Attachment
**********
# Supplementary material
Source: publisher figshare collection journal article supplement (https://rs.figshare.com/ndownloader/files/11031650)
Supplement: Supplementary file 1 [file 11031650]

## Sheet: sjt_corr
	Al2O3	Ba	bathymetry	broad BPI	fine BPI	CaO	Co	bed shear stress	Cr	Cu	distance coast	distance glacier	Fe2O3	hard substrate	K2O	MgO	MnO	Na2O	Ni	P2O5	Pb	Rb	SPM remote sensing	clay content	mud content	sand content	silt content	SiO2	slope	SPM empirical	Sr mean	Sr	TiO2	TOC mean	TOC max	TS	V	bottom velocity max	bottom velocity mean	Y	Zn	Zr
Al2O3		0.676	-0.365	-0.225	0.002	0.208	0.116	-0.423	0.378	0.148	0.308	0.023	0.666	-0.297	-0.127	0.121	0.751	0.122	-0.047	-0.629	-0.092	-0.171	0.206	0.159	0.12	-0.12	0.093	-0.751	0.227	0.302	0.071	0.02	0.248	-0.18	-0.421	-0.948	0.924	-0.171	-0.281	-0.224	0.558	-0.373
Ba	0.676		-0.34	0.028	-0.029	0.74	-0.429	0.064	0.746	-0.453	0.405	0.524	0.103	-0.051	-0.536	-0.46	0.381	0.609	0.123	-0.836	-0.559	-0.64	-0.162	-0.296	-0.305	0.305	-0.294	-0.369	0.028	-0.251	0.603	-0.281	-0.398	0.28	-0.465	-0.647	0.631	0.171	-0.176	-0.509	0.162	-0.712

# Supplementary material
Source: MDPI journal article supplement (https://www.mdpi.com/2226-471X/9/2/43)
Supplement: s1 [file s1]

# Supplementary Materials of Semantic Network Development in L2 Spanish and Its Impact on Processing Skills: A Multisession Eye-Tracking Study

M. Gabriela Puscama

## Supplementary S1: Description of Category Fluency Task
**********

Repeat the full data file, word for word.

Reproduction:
# Supplementary material
Source: publisher figshare collection journal article supplement (https://rs.figshare.com/ndownloader/files/11031650)
Supplement: Supplementary file 1 [file 11031650]

## Sheet: sjt_corr
	Al2O3	Ba	bathymetry	broad BPI	fine BPI	CaO	Co	bed shear stress	Cr	Cu	distance coast	distance glacier	Fe2O3	hard substrate	K2O	MgO	MnO	Na2O	Ni	P2O5	Pb	Rb	SPM remote sensing	clay content	mud content	sand content	silt content	SiO2	slope	SPM empirical	Sr mean	Sr	TiO2	TOC mean	TOC max	TS	V	bottom velocity max	bottom velocity mean	Y	Zn	Zr
Al2O3		0.676	-0.365	-0.225	0.002	0.208	0.116	-0.423	0.378	0.148	0.308	0.023	0.666	-0.297	-0.127	0.121	0.751	0.122	-0.047	-0.629	-0.092	-0.171	0.206	0.159	0.12	-0.12	0.093	-0.751	0.227	0.302	0.071	0.02	0.248	-0.18	-0.421	-0.948	0.924	-0.171	-0.281	-0.224	0.558	-0.373
Ba	0.676		-0.34	0.028	-0.029	0.74	-0.429	0.064	0.746	-0.453	0.405	0.524	0.103	-0.051	-0.536	-0.46	0.381	0.609	0.123	-0.836	-0.559	-0.64	-0.162	-0.296	-0.305	0.305	-0.294	-0.369	0.028	-0.251	0.603	-0.281	-0.398	0.28	-0.465	-0.647	0.631	0.171	-0.176	-0.509	0.162	-0.712

# Supplementary material
Source: MDPI journal article supplement (https://www.mdpi.com/2226-471X/9/2/43)
Supplement: s1 [file s1]

# Supplementary Materials of Semantic Network Development in L2 Spanish and Its Impact on Processing Skills: A Multisession Eye-Tracking Study

M. Gabriela Puscama

## Supplementary S1: Description of Category Fluency Task